The next morning, we packed our things and asked our driver to take us to Nameri. Nestled in the forest adjoining Nameri National Park, the eco-camp was everything I had hoped it would be. Huge trees with broad dark leaves towered over quaint cabins that seemed to have been absorbed by the jun­gle, covered as they were in vines sporting bright pink flowers. I breathed in all that green and felt my lungs sigh with relief as the fumes of Indian towns were expunged. A tightness in my chest that until then I hadn’t even noticed was released. Living in the city, I realised I had missed the sense of peace I always feel in places with lots of big trees. How easy it is to forget what gives you peace of mind when you are caught up in the hustle and bustle of fast-paced daily life.

Early the next morning, on the way to the WWF office in Tezpur, our driver stopped at a bridge blocked by Assamese army trucks. The military were a common sight in that part of India, as the national army had been deployed there since 1990 to keep on top of armed separatists groups like the ULFA, who were seeking to establish Assam as a sovereign state.

Two weeks earlier I had been listening to the BBC news when it was reported that seventy people had been killed and three hundred injured in at least eleven separate bombings before noon on 30 October across Guwahati, probably by the ULFA. Now, watching stern-faced soldiers scanning the bridge with bomb detectors that looked like the metal detector I once used as a kid to search for coins on the beach in North Queensland, I was reminded of the risks of being in this part of India.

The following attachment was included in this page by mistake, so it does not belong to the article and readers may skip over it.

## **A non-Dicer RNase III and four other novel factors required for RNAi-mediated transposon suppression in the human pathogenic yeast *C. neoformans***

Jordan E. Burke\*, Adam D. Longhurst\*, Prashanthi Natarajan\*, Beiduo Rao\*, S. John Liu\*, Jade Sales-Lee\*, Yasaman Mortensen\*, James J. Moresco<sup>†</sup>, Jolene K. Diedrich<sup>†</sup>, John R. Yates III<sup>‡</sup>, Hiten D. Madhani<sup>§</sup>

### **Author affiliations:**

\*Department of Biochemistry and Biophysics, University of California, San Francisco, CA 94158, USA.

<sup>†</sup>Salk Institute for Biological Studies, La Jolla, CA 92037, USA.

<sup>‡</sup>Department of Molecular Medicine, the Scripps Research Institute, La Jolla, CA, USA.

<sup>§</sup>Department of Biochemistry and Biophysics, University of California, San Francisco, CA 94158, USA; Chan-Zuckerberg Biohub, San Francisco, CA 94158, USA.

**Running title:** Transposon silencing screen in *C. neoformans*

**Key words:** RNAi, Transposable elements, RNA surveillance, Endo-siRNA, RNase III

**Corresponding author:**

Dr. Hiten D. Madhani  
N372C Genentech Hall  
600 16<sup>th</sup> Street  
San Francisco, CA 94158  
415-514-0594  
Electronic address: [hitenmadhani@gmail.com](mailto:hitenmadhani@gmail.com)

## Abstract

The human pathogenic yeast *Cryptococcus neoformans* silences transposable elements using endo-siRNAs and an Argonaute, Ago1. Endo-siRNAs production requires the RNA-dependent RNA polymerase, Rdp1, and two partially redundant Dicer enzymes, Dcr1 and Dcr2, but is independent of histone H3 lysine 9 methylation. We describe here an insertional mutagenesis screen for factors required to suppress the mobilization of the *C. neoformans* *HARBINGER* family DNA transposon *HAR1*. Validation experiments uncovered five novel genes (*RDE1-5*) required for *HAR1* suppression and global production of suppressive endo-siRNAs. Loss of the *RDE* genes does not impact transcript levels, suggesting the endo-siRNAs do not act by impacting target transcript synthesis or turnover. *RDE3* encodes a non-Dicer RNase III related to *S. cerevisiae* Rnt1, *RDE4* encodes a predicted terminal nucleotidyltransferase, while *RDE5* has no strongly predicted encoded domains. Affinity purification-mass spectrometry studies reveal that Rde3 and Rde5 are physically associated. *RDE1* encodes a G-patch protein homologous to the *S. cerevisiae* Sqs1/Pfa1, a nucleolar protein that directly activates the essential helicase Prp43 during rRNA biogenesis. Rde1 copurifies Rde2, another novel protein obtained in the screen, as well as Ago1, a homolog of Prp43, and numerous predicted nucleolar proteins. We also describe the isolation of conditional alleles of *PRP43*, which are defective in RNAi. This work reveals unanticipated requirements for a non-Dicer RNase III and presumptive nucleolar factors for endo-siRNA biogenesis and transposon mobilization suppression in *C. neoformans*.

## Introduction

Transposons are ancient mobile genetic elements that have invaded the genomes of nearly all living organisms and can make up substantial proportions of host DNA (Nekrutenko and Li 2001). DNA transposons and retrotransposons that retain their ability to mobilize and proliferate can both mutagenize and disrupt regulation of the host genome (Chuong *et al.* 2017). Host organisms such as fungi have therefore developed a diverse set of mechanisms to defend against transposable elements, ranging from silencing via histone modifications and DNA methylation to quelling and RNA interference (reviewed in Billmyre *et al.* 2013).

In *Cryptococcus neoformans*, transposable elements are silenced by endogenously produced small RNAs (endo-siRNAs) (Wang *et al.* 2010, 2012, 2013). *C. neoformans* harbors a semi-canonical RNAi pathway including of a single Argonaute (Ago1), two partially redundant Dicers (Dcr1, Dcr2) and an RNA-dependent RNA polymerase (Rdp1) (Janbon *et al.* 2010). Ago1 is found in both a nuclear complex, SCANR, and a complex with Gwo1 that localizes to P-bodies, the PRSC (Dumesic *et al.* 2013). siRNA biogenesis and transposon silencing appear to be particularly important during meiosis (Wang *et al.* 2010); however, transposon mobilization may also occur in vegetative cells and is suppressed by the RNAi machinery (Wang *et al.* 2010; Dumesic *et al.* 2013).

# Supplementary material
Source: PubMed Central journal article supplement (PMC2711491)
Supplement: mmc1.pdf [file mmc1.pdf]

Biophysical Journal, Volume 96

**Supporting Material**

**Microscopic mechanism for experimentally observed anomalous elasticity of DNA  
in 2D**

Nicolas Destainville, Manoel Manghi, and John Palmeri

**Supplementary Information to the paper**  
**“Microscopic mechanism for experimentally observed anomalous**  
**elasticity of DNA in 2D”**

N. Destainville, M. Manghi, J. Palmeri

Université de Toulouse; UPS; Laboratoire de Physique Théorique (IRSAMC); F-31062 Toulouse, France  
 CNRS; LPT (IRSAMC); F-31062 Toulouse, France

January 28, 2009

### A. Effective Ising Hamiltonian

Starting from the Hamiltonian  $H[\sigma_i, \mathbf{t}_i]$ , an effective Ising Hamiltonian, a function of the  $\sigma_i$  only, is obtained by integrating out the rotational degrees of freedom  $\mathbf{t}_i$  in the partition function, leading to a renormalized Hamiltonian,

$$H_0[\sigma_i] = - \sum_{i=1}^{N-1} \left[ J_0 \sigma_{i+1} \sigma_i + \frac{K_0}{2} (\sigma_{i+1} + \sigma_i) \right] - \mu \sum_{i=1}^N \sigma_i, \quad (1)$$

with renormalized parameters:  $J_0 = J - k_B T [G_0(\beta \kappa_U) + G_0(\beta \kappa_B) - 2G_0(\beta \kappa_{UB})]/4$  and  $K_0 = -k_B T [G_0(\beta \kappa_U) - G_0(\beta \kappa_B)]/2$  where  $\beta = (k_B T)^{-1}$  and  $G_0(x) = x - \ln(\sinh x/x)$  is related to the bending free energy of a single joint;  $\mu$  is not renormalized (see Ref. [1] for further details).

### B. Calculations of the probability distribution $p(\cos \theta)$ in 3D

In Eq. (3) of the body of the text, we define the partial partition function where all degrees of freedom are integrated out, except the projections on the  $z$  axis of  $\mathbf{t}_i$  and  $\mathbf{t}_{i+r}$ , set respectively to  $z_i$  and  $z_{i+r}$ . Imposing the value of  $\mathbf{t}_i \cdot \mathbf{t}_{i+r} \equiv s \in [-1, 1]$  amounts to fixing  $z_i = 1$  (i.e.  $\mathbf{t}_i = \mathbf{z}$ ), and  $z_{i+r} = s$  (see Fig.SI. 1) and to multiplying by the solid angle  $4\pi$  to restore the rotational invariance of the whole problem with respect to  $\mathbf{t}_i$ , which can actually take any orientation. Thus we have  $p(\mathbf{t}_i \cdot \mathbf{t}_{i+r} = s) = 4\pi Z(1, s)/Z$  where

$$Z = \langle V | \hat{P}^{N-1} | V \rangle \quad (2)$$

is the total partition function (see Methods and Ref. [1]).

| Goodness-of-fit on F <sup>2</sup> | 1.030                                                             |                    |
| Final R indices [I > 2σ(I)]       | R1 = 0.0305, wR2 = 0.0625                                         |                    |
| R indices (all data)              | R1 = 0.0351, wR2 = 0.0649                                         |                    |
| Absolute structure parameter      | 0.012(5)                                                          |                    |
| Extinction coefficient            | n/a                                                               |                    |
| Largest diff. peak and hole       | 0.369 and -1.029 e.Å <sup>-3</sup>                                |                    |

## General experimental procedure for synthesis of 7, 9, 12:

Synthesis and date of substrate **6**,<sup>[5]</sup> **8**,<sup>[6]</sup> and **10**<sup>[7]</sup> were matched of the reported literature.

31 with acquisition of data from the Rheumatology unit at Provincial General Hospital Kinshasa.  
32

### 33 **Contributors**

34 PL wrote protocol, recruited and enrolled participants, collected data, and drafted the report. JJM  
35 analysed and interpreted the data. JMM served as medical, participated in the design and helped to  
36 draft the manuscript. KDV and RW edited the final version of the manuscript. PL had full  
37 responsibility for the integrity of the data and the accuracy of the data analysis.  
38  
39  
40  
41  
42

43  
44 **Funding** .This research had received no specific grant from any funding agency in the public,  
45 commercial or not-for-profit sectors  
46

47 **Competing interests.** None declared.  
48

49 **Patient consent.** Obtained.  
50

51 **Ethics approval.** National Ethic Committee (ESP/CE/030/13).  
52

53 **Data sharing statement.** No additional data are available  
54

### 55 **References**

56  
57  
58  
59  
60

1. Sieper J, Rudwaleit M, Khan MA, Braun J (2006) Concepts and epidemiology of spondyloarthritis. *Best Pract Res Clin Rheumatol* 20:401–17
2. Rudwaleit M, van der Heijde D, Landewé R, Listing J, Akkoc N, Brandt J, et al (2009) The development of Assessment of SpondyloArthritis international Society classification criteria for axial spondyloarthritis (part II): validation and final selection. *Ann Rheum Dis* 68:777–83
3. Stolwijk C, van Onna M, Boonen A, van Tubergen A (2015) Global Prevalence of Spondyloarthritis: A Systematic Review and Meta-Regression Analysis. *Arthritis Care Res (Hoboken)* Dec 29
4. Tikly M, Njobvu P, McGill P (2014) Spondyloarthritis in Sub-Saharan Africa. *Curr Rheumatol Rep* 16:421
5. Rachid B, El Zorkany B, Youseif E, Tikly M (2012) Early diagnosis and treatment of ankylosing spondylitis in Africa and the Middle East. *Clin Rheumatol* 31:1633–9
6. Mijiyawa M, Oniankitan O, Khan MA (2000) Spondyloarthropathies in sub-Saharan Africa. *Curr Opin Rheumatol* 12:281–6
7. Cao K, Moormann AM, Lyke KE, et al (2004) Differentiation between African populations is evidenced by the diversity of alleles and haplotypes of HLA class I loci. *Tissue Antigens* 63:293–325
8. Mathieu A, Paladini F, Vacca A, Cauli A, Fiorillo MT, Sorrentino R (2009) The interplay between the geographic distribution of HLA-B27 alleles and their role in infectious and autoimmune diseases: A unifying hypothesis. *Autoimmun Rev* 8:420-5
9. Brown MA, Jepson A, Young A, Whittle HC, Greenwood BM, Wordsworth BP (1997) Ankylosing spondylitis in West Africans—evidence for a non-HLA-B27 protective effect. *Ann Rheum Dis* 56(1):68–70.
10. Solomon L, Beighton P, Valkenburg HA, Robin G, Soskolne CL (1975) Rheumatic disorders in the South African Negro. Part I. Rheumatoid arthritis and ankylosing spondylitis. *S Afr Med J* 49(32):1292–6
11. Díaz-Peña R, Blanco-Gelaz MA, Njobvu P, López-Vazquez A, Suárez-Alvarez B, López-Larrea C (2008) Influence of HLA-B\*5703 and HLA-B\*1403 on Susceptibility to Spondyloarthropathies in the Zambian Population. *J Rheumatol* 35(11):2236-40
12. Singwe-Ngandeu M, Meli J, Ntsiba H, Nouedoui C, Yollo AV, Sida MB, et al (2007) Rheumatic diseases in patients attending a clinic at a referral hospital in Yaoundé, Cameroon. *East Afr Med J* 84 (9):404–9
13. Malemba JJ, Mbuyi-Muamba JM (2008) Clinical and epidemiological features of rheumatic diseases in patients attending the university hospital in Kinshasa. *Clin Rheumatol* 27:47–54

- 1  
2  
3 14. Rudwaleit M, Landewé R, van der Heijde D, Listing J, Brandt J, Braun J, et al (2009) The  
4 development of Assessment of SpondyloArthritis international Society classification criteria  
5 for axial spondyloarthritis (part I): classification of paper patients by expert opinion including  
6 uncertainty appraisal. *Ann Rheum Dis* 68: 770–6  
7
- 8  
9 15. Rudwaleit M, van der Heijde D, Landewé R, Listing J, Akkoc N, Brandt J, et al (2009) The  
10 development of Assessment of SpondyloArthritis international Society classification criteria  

An army officer came over to our vehicle, peered conde­scendingly at Nafisa and me in the back seat, and began firing questions at our driver in an authoritative voice. I should have been pleased that the soldiers were checking that there were no bombs on the road, but I really didn’t feel comfortable with the eyes of this officer on us, glaring as if we might be spies. He didn’t look like a particularly friendly guy, with a rifle slung over one shoulder and a moustache big enough to threaten a ferret perched on his upper lip.

As a foreign, blonde woman in Assam, it was impossible to blend into the crowd, and that made me nervous. But it didn’t seem to worry Nafisa. She wound down her window, smiled win­ningly, leaned out with her camera and asked to take his photo. The officer didn’t seem to know what she was saying and was more interested in her cleavage, but he also wasn’t comfortable being confronted in this way by an overtly assertive woman, and I could see him getting riled up at the idea of having his photo taken.

‘No, no, no!’ he barked gruffly.

He spoke limited English, but his hand gestures demon­strated that it was obviously not on to take photos of army officers.